1.   Start a blog. It doesn't have to be about your experiences with your aging parent (although it certainly could be); it could be a stargazer's blog, or an outlet for humorous writing. Maybe you want to showcase your photography or poetry. Blogs can act as an online journal.

2.  Join a Yoga, Pilates, or belly-dancing class.  Or take up pottery and work out your frustrations on a lump of clay!

3.  Let Go of the Guilt.  You may need counseling to help you with this one, but experts agree that many older children feel guilty about their aging parents' situations. It's natural to feel guilty, but it can be detrimental if you live in the guilt and beat yourself up all the time. Forgive yourself for not having the perfect solutions (no one does), and recognize that you're just doing the best you can.

4.  Find a Support Group.  Connecting with others who are in similar situations can be a wonderful coping mechanism. Such groups can also be excellent resources for other forms of help, such as respite caregivers.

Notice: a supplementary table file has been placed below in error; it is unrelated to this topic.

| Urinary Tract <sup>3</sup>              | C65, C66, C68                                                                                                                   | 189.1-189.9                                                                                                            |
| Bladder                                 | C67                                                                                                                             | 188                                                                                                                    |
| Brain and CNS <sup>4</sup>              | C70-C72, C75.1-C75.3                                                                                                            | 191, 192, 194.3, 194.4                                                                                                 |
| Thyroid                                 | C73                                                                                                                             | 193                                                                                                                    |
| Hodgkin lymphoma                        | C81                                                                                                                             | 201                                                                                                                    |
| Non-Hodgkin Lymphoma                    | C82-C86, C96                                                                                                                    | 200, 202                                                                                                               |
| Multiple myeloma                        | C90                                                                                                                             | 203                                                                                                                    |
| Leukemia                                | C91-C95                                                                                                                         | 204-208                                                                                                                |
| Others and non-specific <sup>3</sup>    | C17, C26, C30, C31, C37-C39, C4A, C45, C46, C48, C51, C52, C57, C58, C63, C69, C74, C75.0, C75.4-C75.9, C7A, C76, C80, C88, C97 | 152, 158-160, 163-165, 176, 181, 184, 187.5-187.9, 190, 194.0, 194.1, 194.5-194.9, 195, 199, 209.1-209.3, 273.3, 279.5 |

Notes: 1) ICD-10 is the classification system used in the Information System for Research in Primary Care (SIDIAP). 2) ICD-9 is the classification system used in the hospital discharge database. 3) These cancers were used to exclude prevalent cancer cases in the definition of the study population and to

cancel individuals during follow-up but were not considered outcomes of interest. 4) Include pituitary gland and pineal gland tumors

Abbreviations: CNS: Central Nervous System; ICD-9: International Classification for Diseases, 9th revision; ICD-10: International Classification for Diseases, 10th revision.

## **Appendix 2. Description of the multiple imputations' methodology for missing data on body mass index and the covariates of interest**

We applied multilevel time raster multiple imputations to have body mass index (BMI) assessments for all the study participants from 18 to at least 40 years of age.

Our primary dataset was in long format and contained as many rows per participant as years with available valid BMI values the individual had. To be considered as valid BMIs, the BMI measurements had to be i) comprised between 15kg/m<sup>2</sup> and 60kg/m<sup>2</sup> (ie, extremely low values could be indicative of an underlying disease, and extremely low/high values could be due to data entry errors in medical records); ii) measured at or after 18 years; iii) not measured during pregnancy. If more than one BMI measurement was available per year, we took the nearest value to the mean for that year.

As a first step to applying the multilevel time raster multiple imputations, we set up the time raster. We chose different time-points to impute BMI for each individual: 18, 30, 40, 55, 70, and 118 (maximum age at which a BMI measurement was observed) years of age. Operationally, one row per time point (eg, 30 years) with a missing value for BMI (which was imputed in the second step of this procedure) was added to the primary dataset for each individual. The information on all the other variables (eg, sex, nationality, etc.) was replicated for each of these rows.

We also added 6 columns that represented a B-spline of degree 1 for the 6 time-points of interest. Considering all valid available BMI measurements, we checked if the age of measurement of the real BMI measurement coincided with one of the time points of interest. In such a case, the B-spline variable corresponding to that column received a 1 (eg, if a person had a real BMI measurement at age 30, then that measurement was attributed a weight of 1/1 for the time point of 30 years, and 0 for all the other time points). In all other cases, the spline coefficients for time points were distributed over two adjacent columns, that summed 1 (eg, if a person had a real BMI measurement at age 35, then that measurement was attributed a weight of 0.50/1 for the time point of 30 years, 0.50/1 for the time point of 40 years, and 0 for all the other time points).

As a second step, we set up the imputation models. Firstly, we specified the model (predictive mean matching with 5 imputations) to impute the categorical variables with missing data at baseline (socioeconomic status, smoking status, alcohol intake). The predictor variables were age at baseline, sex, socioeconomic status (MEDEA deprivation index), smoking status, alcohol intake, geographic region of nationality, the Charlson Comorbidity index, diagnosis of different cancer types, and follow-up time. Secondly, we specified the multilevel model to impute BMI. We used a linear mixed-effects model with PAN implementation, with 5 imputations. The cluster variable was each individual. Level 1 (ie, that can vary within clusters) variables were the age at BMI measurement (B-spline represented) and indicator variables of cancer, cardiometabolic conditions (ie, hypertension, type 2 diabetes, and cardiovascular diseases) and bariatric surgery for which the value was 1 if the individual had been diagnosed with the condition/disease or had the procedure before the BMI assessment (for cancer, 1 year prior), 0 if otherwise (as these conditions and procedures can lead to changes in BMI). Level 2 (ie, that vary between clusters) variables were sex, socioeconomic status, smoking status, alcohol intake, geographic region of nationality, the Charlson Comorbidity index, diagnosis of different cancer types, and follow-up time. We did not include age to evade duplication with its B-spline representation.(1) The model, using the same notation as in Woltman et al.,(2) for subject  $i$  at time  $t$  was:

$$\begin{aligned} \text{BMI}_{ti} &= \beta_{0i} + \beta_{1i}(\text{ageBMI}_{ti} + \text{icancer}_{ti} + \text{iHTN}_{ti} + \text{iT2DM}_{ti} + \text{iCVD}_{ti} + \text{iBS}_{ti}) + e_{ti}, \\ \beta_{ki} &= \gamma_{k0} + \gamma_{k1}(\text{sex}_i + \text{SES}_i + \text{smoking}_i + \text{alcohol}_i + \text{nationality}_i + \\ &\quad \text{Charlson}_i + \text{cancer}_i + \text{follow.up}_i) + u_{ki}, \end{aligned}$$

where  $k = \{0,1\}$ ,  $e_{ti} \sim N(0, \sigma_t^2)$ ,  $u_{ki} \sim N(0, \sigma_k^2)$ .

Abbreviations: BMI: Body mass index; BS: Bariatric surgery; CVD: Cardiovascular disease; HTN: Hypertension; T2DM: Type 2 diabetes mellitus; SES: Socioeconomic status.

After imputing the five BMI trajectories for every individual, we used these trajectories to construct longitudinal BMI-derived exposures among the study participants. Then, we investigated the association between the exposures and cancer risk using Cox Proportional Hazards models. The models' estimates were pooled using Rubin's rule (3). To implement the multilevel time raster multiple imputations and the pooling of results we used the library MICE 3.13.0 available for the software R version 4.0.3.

5.  Listen.  If your parent's mental capacity will allow it, take time to talk to and listen to them. Ask your dad how he feels about living with you, and listen to his answers. Ask your mother about what she's thinking about being in your house. Really listen to their concerns and be sympathetic to their situation. They may not want to be burdening you at all, and may have their own sense of guilt about what's going on.

As you talk and listen, you can hopefully work out some 'ground rules' too (again, depending on your parent's mental capacity). Boundaries are important in all areas of life, but they're particularly important when you have to share time, resources, and space with another person.